Every day, I take an hour to focus on my health. Since I live on Pensacola Beach, there's nothing better for me than walking along the shoreline, right?
At first, I only noticed the water and clouds. The color pallet of cyan, emerald, magenta, orange and silver are striking. And it's different every day.
Over time, I learned the rhythm, who lived there, and who were passers by. As time passed, I slowly understood I was becoming a resident. I noticed little things that those around me completely missed.
I began noticing little changes that only deepened my curiosity. At first, it was noticing Ghost crabs, and their little holes and tracks they leave all over the place. I got some binoculars, so I could see them from afar without disturbing them. Now, I see them everywhere.
Then, it was the terns. They nest in the open, having just a few chicks, dodging seagulls and stormy weather. The chicks grow up fast. Mom and Dad share the feeding burden equally. Terns will dive bomb you. They are very territorial and bring tons of energy to the sky. But if you are calm and sit down, they'll begin to ignore you. My trusty binoculars again made me appreciate their hard work on a daily basis.
Then, I noticed Monarch butterfly migration. Stretching between late Summer and early Fall, these little brave insects take the long jaunt to Central America as part of their four year cycle. Most people, including myself, never even notice them as the flitter by. The strong instinct at times at odds with the strong winds that blow them off course. I often wonder if anyone knows how ancient their class is. I would dare say a few hundred million years old. But I'm not a biology major. Just some farm boy from New Jersey.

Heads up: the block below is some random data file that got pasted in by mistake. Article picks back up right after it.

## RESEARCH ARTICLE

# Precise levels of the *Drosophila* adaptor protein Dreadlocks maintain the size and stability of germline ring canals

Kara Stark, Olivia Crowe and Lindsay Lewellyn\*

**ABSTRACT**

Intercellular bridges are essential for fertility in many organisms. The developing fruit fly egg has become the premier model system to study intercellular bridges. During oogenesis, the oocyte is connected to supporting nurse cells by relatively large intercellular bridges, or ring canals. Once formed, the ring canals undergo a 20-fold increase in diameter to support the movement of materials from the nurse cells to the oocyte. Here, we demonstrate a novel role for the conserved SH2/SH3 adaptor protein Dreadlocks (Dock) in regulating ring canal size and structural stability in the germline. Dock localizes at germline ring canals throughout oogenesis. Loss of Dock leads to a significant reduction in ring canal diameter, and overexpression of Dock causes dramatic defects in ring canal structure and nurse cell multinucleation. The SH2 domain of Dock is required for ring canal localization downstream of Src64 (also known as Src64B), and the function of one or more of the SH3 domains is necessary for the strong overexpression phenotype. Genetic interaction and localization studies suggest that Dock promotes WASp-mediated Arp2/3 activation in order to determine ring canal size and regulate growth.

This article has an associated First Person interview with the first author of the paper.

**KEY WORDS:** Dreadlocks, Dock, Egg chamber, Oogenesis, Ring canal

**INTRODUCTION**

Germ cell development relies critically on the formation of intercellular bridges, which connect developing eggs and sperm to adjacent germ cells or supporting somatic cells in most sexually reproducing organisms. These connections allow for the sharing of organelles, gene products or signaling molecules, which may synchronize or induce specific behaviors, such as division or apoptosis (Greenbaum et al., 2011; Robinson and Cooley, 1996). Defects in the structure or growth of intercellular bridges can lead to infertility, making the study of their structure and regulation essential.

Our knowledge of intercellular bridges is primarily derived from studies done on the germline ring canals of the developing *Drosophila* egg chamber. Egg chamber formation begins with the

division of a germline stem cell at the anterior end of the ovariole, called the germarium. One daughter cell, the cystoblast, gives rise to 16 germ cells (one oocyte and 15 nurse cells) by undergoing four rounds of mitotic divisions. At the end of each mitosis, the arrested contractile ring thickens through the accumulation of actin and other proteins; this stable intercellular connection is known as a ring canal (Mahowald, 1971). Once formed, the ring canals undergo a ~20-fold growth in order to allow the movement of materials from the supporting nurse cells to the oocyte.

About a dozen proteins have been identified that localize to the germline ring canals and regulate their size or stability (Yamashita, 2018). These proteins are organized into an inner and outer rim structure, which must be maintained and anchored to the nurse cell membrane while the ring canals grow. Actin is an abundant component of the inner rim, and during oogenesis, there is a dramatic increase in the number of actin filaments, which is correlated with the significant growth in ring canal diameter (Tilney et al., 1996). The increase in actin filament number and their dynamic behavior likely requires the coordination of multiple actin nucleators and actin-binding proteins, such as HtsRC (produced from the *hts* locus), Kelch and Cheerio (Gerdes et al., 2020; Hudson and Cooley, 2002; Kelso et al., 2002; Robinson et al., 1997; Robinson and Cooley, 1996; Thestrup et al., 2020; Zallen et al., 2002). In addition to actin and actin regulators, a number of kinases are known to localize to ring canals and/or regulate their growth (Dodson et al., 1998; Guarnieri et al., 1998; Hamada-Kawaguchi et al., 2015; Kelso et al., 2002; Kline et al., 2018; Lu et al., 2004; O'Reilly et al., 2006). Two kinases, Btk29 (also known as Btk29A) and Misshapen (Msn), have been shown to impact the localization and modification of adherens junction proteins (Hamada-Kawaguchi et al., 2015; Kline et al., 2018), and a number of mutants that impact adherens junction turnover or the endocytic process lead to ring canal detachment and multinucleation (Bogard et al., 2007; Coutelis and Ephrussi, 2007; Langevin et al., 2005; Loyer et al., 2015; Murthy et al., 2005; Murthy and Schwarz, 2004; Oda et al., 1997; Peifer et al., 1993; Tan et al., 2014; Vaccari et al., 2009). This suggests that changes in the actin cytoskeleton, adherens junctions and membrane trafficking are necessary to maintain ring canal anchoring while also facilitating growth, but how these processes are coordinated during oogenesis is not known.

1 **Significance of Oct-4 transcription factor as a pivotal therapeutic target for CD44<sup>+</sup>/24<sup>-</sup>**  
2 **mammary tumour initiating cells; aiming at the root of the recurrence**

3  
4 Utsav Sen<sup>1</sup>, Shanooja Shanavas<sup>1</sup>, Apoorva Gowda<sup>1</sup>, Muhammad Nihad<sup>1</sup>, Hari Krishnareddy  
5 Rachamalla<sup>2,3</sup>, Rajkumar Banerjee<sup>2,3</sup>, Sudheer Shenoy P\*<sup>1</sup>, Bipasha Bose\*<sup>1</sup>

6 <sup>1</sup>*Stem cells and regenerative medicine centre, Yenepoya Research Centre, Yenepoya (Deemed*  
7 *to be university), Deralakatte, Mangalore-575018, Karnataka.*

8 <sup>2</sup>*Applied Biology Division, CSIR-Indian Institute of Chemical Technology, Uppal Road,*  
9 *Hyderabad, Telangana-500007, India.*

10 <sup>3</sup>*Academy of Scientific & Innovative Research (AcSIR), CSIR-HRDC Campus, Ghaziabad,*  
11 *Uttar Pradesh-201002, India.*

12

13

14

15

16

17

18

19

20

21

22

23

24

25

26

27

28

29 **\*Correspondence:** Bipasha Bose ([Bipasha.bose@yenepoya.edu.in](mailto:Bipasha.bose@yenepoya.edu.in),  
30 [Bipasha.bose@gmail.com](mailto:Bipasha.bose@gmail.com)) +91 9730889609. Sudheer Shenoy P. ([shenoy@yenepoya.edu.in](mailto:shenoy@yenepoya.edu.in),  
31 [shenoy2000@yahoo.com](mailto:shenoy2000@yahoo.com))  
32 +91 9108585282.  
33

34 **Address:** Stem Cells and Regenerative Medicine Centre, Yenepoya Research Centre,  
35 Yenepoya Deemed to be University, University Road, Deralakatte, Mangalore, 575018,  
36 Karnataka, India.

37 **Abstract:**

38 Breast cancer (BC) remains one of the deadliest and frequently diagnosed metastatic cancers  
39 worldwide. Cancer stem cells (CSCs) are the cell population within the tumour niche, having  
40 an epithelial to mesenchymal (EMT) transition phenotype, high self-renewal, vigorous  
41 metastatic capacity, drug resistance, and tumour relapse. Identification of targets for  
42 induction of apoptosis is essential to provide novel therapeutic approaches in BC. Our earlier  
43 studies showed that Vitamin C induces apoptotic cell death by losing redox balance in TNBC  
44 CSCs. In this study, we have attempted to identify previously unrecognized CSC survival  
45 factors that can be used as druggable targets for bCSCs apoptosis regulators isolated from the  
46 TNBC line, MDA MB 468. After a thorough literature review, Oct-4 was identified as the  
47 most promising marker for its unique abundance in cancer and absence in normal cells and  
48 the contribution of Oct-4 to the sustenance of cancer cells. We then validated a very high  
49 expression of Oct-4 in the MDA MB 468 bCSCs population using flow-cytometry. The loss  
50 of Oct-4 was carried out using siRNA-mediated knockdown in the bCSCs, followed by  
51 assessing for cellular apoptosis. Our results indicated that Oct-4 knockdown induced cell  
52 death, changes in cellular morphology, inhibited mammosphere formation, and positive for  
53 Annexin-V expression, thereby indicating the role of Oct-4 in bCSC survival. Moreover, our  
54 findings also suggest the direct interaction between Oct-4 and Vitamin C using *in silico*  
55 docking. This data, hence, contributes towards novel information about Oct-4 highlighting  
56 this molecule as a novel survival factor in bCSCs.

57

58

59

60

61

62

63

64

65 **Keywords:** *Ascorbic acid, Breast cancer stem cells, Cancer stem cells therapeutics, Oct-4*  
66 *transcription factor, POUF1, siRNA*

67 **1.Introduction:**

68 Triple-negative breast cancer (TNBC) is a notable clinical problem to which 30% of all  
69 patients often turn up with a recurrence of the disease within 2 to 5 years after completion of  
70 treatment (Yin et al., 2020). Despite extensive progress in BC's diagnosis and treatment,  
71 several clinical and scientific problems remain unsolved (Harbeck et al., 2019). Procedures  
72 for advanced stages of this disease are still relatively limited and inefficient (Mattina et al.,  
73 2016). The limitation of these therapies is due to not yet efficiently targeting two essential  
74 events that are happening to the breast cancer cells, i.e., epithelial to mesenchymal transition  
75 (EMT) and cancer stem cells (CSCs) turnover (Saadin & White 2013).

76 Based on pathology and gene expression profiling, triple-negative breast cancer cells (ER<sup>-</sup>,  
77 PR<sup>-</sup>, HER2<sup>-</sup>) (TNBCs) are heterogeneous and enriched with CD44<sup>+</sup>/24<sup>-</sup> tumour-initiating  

Then, there is the dynamic Dragon Fly. From September to October, these fun insects dominate the early morning and evening sky line just in the sea oats growing in the dunes. As they go searching for their mates, the dive bomb, harry, and dart in strangely random directions. They are exciting to watch. This class (insect) has been around for 300 million years.
And towards the end of tourist season, there is the hurricane. Sally came to us on 16 September, if memory serves me right, and wiped out many of the great dunes that used to be our beach. And I'm sure it took a great many creatures with it. And now, we prepare for Hurricane Delta.
It is the natural order of things. While we still get the same average amount of storms, they are becoming more powerful. And we really don't know the natural impacts on creatures, in the local environment in which we live just yet. My guess is they'll move further inland as well, or die trying.
This planet will always be here even as we witness the great changes in our climate. As we become more and more wet and hot, we can expect older creatures that'll emerge to take advantage. I'm sure alligators will be very happy. In my gut, I'm expecting a mass extinction as the fires burn and the glaciers melt. But, it'll be the specialist animals that will feel it the most (like polar bears). The general purpose animals will rise up, and begin creating new off shoots (like sharks) to fill the void.
Some view the future pessimistically. Others, like myself, see mass extinction as an opportunity for us to come together and fix things. To appreciate nature even more. There is no Planet B. No matter how you see it, the great power in nature's kingdom is at our feet to appreciate and respect. The question is whether we become a resident in our environment, or a passer by.